France was not an ally, for the Vichy government of France aligned with its German occupiers. Germany was not an ally, for it was an enemy, and Hitler intended to set up a Thousand Year Reich in Europe. Japan was not an ally, for it was intent on owning and controlling all of Asia. Japan and Germany had long-term ideas of invading Canada and Mexico, and then the United States over the north and south borders, after they had settled control of Asia and Europe.  America's allies then were England, Ireland, Scotland, Canada, Australia, and Russia, and that was about it. There were no other countries of any size or military significance with the will and ability to contribute much of anything to the effort to defeat Hitler's Germany and Japan, and prevent the global dominance of Nazism. And we had to send millions of tons of arms, munitions, and war supplies to Russia, England, and the Canadians, Aussies, Irish, and Scots, because none of them could produce all they needed for themselves.
Forwarded by Dick Haar, February 28, 2005
Jensen:  During the ensuing Cold War era and for the Gulf War, we had a few more allies, some of whom were former enemies.


And he awoke to a mess
I have this uncle, Rip Van Garver, who just woke up after sleeping for 30 years. Some people think he slept so long because he was exhausted from working so hard as a political activist during the '60s and early '70s. Personally, I just think he found a comfy pillow. Regardless, here's the transcript of our first conversation: Me: Uncle Rip, how are you feeling? Rip: I'm okay. But I really need to brush my teeth. What year is it? Me: 2005. Rip: Wow. I've got a library book I better return pronto. So, nobody blew up the world. I...
Lloyd Garver, "Caught Napping? Jewish World Review, February 28, 2005 --- http://www.jewishworldreview.com/0205/garver1.asp 


This does not mean that eating it will make you live longer
Ancient Chinese craftsmen used a secret ingredient to keep their structures standing through the centuries: sticky rice.  The legend that rice porridge was used in mortar to make robust ramparts is believed to have been verified by archaeological research in the north-western province of Shaanxi, the state news agency Xinhua reported.  During maintenance work on the city wall of the provincial capital, Xi'an, workers found plaster remnants on ancient bricks were hard to remove.  A chemical test showed the mortar reacted the same as glutinous rice.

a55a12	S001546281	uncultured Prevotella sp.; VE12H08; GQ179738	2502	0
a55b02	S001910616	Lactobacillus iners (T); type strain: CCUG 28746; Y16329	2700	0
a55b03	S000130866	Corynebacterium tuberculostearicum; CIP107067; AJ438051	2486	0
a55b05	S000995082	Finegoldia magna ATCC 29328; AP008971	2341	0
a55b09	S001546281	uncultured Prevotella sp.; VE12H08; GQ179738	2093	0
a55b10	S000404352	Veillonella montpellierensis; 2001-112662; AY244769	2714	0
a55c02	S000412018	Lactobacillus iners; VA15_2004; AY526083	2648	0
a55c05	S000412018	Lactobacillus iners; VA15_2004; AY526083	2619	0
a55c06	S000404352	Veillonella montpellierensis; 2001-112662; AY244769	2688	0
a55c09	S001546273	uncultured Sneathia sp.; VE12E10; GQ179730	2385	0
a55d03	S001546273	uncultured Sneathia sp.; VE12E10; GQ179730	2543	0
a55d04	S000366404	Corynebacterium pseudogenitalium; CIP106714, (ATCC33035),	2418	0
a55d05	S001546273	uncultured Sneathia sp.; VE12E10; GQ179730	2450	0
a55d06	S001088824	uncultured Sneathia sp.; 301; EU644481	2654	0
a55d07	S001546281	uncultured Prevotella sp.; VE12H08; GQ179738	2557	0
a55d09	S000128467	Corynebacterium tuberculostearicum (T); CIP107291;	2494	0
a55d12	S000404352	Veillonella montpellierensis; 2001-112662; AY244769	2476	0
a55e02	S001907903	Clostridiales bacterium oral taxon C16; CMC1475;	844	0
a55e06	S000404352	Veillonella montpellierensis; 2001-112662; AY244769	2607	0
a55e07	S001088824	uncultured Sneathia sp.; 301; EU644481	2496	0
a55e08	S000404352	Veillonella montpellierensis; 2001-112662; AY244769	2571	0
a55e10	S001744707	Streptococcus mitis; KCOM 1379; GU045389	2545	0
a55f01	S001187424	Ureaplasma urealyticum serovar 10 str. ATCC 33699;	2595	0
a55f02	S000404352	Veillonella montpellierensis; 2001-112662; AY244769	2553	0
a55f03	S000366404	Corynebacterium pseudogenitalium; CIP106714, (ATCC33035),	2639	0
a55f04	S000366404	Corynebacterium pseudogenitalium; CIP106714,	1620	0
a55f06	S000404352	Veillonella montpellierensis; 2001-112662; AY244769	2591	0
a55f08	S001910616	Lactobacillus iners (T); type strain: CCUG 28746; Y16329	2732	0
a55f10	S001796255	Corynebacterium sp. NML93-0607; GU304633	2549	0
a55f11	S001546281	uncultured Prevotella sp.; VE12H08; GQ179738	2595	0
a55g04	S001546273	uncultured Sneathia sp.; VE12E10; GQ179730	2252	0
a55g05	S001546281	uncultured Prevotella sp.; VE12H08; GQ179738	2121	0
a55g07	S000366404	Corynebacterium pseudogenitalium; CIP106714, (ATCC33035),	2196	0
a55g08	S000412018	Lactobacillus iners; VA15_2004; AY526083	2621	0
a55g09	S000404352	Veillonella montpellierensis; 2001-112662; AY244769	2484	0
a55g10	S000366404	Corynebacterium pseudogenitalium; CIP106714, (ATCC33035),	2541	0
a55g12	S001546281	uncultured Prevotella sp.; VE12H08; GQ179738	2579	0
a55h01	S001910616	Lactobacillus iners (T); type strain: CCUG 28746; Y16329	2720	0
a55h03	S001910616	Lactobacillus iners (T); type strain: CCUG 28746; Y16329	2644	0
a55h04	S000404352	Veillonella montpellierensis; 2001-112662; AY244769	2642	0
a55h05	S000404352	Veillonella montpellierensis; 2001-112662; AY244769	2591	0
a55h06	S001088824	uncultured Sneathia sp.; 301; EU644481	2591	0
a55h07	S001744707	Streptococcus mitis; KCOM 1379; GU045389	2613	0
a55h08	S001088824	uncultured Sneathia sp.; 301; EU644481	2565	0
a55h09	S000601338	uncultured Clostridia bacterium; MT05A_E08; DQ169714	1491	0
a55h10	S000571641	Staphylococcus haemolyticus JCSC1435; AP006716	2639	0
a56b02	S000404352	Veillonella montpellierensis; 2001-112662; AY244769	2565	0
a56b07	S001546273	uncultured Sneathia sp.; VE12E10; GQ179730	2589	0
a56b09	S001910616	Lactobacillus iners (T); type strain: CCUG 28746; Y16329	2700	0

"Stick around," Sydney Morning Herald, March 1, 2005 --- http://www.smh.com.au/text/articles/2005/02/28/1109546800854.html 


"Morally Bankrupt," The New Republic, February 25, 2005 --- http://snipurl.com/TNRbankruptcy 

We are beginning to wonder if the debate over Social Security privatization is a mere GOP diversionary tactic: Get Democrats to commit all their resources to a knockdown drag-out over retirement benefits, then quickly ram through a host of items off the business lobby's wish list. Exhibit A is the Bankruptcy Abuse Prevention and Consumer Protection Act--the latest name for a bill that Congress has been rejecting since the late '90s--which the Judiciary Committee approved last week and looks set for passage in the coming weeks.

Bankruptcy laws are supposed to balance the interests of creditors with debtors as well as balance society's interest in encouraging people to take risks (such as taking out a loan to start a business) with its interest in ensuring that the risks they take are not foolish ones (such as borrowing money to play the ponies). U.S. bankruptcy laws have generally done a good job of striking this balance and have thus contributed to an economy that is among the most entrepreneurial in the world. What's more, they have codified a progressive and long-standing American value: the belief in second chances.